Corrections? Tips? Please email me: abeaujon@poynter.org. Would you like to get this roundup emailed to you every morning? Sign up here. Read more

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N.Y. tabs met in secret lovenest

mediawiremorningGood morning. Here are 10 media stories, then let’s get to the weekend.

  1. A New York Post/New York Daily News collaboration? Joe Pompeo reports the rival papers had unsuccessful discussions about “a number of potential business deals that would have made unlikely bedfellows of enemy combatants.” “Many deal points were on the table,” a source tells him. Another source tells Pompeo talks about a digital-only Daily News are “not about if, they’re about when.” (Capital)
  2. Earnings: Broadcast ad revenues way up, print ad revenues down nearly 8 percent at Meredith. (MediaPost) | McClatchy had “a rocky third quarter,” plus what it called “important events that have sealed our financial flexibility” — some substantial assets sales. “An unfriendly commentator might describe those ‘events’ as a yard sale,” Rick Edmonds writes. (Poynter)
  3. Some less-than-worshipful takes on the Dave McKinney affair: His now-former Sun-Times colleague Neil Steinberg writes: “I sincerely believe that had McKinney managed to just step around this mess and gone back to doing his job, an important life skill in journalism, instead of pouring gasoline over himself, and the paper, and striking a match, the whole thing would be over by now and he’d be back to kicking [Illinois gubernatorial candidate Bruce] Rauner’s ass, which is what this is supposedly all about.” (Every goddamn day) | Erik Wemple on the “monster ethical issue” underneath all this: “Either the Sun-Times should have bumped McKinney from the race early on, or it should have run disclaimers on his stories.” (WP)
  4. AMC buys half of BBC America: The deal may help the BBC World News channel get on U.S. cable and satellite systems, Brian Stelter reports. (CNN)
  5. Guardian’s lawyer honored: The National LGBT Bar Association will honor Gill Phillips, who runs editorial legal services at Guardian News & Media Limited. The Guardian’s Edward Snowden stories were “one of many challenges the openly lesbian Phillips has faced during her tenure at the paper, which has also included breaking the phone-hacking story, The Trafigura Super Injunction Saga and the Leveson Inquiry.” (PinkNews)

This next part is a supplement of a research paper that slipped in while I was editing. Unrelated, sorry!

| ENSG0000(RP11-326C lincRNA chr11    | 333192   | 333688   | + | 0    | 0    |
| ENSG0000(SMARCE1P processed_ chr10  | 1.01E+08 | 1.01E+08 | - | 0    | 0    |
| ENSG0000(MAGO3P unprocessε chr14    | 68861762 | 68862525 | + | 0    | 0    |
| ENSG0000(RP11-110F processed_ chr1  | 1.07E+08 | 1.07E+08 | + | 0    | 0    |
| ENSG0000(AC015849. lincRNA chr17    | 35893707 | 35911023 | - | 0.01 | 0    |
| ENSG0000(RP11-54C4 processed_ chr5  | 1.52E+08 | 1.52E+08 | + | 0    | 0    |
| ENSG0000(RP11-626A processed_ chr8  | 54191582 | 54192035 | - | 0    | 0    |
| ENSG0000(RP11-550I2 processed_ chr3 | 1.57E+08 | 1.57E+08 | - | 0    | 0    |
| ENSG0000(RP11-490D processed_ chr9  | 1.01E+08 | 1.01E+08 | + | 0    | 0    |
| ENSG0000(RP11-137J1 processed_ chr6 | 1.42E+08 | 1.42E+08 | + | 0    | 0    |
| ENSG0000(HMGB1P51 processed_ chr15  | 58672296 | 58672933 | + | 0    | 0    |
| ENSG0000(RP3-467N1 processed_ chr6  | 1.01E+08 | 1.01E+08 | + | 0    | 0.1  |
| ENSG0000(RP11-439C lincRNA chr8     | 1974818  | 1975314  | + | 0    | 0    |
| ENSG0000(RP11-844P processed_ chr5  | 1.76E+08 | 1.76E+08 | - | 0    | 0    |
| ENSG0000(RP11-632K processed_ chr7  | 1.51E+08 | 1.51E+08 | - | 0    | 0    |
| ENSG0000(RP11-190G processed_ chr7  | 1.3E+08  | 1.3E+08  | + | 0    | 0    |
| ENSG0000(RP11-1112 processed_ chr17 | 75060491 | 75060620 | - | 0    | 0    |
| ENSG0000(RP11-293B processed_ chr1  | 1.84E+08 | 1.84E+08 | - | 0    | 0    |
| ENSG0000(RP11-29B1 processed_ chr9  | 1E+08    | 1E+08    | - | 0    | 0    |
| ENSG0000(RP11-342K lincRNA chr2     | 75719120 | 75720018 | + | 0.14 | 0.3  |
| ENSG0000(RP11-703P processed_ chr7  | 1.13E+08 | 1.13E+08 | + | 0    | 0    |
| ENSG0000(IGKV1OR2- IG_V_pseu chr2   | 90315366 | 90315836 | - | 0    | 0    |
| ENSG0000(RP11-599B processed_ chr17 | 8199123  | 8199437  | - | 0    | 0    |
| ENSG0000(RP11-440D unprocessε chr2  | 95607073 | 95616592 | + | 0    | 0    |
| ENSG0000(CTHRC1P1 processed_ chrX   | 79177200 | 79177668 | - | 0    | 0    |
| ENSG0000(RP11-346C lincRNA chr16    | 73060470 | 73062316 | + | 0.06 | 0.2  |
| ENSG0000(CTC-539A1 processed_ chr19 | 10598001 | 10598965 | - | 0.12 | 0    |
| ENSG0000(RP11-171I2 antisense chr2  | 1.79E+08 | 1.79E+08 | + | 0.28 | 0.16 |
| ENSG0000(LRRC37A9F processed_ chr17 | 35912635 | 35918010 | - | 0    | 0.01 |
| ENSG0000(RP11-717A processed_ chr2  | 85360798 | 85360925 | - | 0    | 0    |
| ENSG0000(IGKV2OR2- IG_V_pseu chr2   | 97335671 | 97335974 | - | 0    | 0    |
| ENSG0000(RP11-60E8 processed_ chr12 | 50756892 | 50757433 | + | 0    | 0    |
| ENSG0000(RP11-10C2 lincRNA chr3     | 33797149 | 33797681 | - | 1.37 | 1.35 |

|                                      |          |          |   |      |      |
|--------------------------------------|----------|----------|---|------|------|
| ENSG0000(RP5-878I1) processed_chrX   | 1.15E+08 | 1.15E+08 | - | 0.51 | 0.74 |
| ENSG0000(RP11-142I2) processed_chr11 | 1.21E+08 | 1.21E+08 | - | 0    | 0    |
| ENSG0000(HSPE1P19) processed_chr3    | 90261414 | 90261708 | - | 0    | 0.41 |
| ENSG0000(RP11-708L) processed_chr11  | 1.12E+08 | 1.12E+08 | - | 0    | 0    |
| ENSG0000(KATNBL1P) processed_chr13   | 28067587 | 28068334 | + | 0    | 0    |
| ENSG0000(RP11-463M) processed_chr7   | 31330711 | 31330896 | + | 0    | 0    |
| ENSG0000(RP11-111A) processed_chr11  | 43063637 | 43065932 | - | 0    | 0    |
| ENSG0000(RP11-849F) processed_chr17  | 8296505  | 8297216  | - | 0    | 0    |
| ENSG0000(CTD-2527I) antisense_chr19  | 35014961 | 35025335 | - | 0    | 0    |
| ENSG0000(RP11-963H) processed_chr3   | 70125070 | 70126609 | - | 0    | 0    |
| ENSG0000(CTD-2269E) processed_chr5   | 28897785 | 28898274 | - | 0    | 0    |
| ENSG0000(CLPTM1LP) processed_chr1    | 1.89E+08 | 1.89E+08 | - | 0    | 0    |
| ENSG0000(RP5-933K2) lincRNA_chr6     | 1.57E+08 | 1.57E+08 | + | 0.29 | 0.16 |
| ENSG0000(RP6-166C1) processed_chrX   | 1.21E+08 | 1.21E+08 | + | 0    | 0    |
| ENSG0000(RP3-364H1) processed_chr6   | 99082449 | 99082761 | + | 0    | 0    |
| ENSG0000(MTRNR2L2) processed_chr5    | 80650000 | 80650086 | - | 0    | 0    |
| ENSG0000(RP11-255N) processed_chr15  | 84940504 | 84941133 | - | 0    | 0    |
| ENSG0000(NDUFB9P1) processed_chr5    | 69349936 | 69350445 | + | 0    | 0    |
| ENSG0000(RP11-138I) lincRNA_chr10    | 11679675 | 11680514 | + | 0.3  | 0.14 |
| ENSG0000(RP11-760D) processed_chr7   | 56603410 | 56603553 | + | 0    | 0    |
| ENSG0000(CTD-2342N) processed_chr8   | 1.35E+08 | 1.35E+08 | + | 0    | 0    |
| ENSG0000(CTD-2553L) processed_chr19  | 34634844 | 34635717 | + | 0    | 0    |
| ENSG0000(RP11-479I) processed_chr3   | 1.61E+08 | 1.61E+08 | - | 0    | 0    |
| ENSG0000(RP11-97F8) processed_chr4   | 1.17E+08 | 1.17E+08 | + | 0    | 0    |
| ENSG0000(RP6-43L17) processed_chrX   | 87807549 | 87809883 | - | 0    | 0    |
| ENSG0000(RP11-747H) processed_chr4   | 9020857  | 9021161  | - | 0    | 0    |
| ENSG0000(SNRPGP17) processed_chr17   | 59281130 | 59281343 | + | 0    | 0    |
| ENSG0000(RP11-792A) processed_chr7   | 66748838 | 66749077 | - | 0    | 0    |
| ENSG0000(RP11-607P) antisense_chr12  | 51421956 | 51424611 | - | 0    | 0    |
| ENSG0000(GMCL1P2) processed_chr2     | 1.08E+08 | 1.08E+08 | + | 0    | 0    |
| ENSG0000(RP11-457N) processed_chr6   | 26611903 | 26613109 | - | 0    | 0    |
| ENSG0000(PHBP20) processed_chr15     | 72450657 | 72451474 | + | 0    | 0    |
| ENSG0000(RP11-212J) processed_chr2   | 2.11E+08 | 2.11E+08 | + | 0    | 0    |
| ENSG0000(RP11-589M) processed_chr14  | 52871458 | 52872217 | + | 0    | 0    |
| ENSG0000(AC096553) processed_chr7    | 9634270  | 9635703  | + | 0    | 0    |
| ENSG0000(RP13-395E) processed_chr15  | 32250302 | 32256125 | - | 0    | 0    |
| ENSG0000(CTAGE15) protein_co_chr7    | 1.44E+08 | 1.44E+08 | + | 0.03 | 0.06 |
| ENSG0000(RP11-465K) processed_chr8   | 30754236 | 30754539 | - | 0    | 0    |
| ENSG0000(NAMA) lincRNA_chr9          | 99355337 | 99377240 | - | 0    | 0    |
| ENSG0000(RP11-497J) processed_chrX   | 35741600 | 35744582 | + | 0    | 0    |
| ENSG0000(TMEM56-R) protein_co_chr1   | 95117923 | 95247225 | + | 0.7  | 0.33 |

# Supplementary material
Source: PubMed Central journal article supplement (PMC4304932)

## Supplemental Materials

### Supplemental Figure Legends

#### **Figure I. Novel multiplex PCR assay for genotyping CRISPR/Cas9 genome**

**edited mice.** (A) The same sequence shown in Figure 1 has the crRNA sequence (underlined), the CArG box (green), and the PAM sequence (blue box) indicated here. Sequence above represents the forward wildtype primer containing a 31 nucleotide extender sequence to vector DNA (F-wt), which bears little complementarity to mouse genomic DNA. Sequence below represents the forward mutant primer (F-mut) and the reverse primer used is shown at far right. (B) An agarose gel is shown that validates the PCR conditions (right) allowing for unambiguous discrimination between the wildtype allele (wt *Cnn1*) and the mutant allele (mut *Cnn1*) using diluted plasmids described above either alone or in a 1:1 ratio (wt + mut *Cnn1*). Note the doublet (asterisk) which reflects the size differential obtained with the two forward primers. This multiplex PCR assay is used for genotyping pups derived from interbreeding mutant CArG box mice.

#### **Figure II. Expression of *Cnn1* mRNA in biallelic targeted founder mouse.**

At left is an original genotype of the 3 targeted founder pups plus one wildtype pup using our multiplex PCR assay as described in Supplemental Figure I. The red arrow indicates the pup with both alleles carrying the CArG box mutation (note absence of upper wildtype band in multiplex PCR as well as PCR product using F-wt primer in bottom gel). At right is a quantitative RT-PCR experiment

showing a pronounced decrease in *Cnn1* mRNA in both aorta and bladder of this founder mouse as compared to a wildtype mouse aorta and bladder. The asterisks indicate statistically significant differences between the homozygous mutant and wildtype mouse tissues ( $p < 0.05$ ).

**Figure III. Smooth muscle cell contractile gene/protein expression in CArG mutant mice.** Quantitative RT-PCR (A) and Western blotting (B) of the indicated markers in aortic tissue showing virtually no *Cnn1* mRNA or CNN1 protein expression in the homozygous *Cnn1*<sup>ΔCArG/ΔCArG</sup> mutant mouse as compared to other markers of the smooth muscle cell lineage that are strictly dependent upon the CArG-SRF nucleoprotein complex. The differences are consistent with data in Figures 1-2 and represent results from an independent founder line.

6. The Queen sent a tweet: “It is a pleasure to open the Information Age exhibition today at the @ScienceMuseum and I hope people will enjoy visiting. Elizabeth R.” (@BritishMonarchy) | Other tweets by royals. (Twitter UK) | One used an iPad: “Here’s a photo of the man who actually typed the tweet and prepared the iPad for the Queen.” (Business Insider)
  7. National Report defends bogus news reports: “We like to think we are doing a public service by introducing readers to misinformation,” National Report publisher Allen Montgomery (whose name is also fake, but let’s move on) says. Craig Silverman: “They may say this is an educational effort, but all the education has come from the other people debunking their stuff.” (Digiday)
  8. “Sometimes the size is so overwhelming, it’s hard to find a picture”: NYT photographer Ozier Muhammad takes Deborah Acosta with him on assignment as he tries to get (and transmit) photos from last month’s People’s Climate March. He finally gets an image through by hitting a Starbucks and using its WiFi. (NYT)
  9. Front page of the day, not curated by Kristen Hare: A great photo of yesterday’s solar eclipse from The Plain Dealer’s John Kuntz, with a solid headline: “Moon takes a spectacular bite out of the sun.” (Courtesy the Newseum.)

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  10. Job moves, edited by Benjamin Mullin: Callie Schweitzer has been named editorial director of audience strategy for Time Magazine and Time Inc. Previously, she was director of digital innovation at Time magazine. (Poynter) | Peter Lattman will be deputy business editor at The New York Times. Previously, he was media editor there. (The New York Times) | Paul Greenberg is chief executive officer at Nylon Media. Previously, he was CEO of CollegeHumor.com. (prnewswire.com) | Stefano Fusaro is now a sports anchor for WTVJ in Miami. Previously, he was sports director at KXLN in Houston. (TV Spy) | Roxane Gay is a columnist at Guardian U.S. She is the author of “An Untamed State” and “Bad Feminist”. Jeb Lund is a columnist at Guardian U.S. He has written for Rolling Stone, GQ and The New Republic. Trevor Timm is a columnist at Guardian U.S. He is executive director of the Freedom of the Press Foundation. Steven Thrasher is a columnist at Guardian U.S. He is a contributing editor at BuzzFeed. Jess Zimmerman is a columnist at Guardian U.S. She is a technology essayist. (Email) | Job of the day: Euclid Media Group is looking for an editor-in-chief for the San Antonio Current. Get your résumés in! (Journalism Jobs) | Send Ben your job moves: bmullin@poynter.org

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Cue the outcry — more big Twitter changes on the way